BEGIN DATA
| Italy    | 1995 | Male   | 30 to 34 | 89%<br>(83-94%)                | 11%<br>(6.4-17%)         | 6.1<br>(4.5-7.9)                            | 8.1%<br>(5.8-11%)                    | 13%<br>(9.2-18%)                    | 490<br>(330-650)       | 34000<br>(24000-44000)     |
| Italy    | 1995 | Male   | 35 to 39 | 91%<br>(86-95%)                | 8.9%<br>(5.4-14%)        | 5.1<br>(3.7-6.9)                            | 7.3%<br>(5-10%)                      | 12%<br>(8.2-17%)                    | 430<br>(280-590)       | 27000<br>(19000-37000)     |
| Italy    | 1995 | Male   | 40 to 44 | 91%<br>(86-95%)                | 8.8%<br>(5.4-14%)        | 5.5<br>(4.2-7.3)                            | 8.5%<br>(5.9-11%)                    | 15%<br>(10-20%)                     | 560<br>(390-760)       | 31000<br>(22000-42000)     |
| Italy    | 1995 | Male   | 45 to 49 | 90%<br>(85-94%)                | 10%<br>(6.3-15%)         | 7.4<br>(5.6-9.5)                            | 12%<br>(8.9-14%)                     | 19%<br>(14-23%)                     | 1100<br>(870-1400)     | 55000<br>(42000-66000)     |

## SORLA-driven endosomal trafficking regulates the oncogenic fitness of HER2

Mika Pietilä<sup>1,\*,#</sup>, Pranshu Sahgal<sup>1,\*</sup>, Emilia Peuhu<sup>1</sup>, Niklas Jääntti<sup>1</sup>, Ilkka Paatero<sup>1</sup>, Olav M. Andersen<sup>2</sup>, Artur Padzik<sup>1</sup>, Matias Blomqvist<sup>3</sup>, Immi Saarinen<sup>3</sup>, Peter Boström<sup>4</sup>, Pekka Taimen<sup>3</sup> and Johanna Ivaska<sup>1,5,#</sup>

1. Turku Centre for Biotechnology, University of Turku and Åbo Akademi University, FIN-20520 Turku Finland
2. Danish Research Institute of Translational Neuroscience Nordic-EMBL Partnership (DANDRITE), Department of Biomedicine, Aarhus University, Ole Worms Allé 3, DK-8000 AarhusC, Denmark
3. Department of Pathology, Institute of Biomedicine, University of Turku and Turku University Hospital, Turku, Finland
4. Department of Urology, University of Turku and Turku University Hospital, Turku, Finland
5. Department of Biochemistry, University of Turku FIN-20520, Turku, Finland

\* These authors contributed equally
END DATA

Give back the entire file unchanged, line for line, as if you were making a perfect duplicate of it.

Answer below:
| Italy    | 1995 | Male   | 30 to 34 | 89%<br>(83-94%)                | 11%<br>(6.4-17%)         | 6.1<br>(4.5-7.9)                            | 8.1%<br>(5.8-11%)                    | 13%<br>(9.2-18%)                    | 490<br>(330-650)       | 34000<br>(24000-44000)     |
| Italy    | 1995 | Male   | 35 to 39 | 91%<br>(86-95%)                | 8.9%<br>(5.4-14%)        | 5.1<br>(3.7-6.9)                            | 7.3%<br>(5-10%)                      | 12%<br>(8.2-17%)                    | 430<br>(280-590)       | 27000<br>(19000-37000)     |
| Italy    | 1995 | Male   | 40 to 44 | 91%<br>(86-95%)                | 8.8%<br>(5.4-14%)        | 5.5<br>(4.2-7.3)                            | 8.5%<br>(5.9-11%)                    | 15%<br>(10-20%)                     | 560<br>(390-760)       | 31000<br>(22000-42000)     |
| Italy    | 1995 | Male   | 45 to 49 | 90%<br>(85-94%)                | 10%<br>(6.3-15%)         | 7.4<br>(5.6-9.5)                            | 12%<br>(8.9-14%)                     | 19%<br>(14-23%)                     | 1100<br>(870-1400)     | 55000<br>(42000-66000)     |

## SORLA-driven endosomal trafficking regulates the oncogenic fitness of HER2

Mika Pietilä<sup>1,\*,#</sup>, Pranshu Sahgal<sup>1,\*</sup>, Emilia Peuhu<sup>1</sup>, Niklas Jääntti<sup>1</sup>, Ilkka Paatero<sup>1</sup>, Olav M. Andersen<sup>2</sup>, Artur Padzik<sup>1</sup>, Matias Blomqvist<sup>3</sup>, Immi Saarinen<sup>3</sup>, Peter Boström<sup>4</sup>, Pekka Taimen<sup>3</sup> and Johanna Ivaska<sup>1,5,#</sup>

1. Turku Centre for Biotechnology, University of Turku and Åbo Akademi University, FIN-20520 Turku Finland
2. Danish Research Institute of Translational Neuroscience Nordic-EMBL Partnership (DANDRITE), Department of Biomedicine, Aarhus University, Ole Worms Allé 3, DK-8000 AarhusC, Denmark
3. Department of Pathology, Institute of Biomedicine, University of Turku and Turku University Hospital, Turku, Finland
4. Department of Urology, University of Turku and Turku University Hospital, Turku, Finland
5. Department of Biochemistry, University of Turku FIN-20520, Turku, Finland

\* These authors contributed equally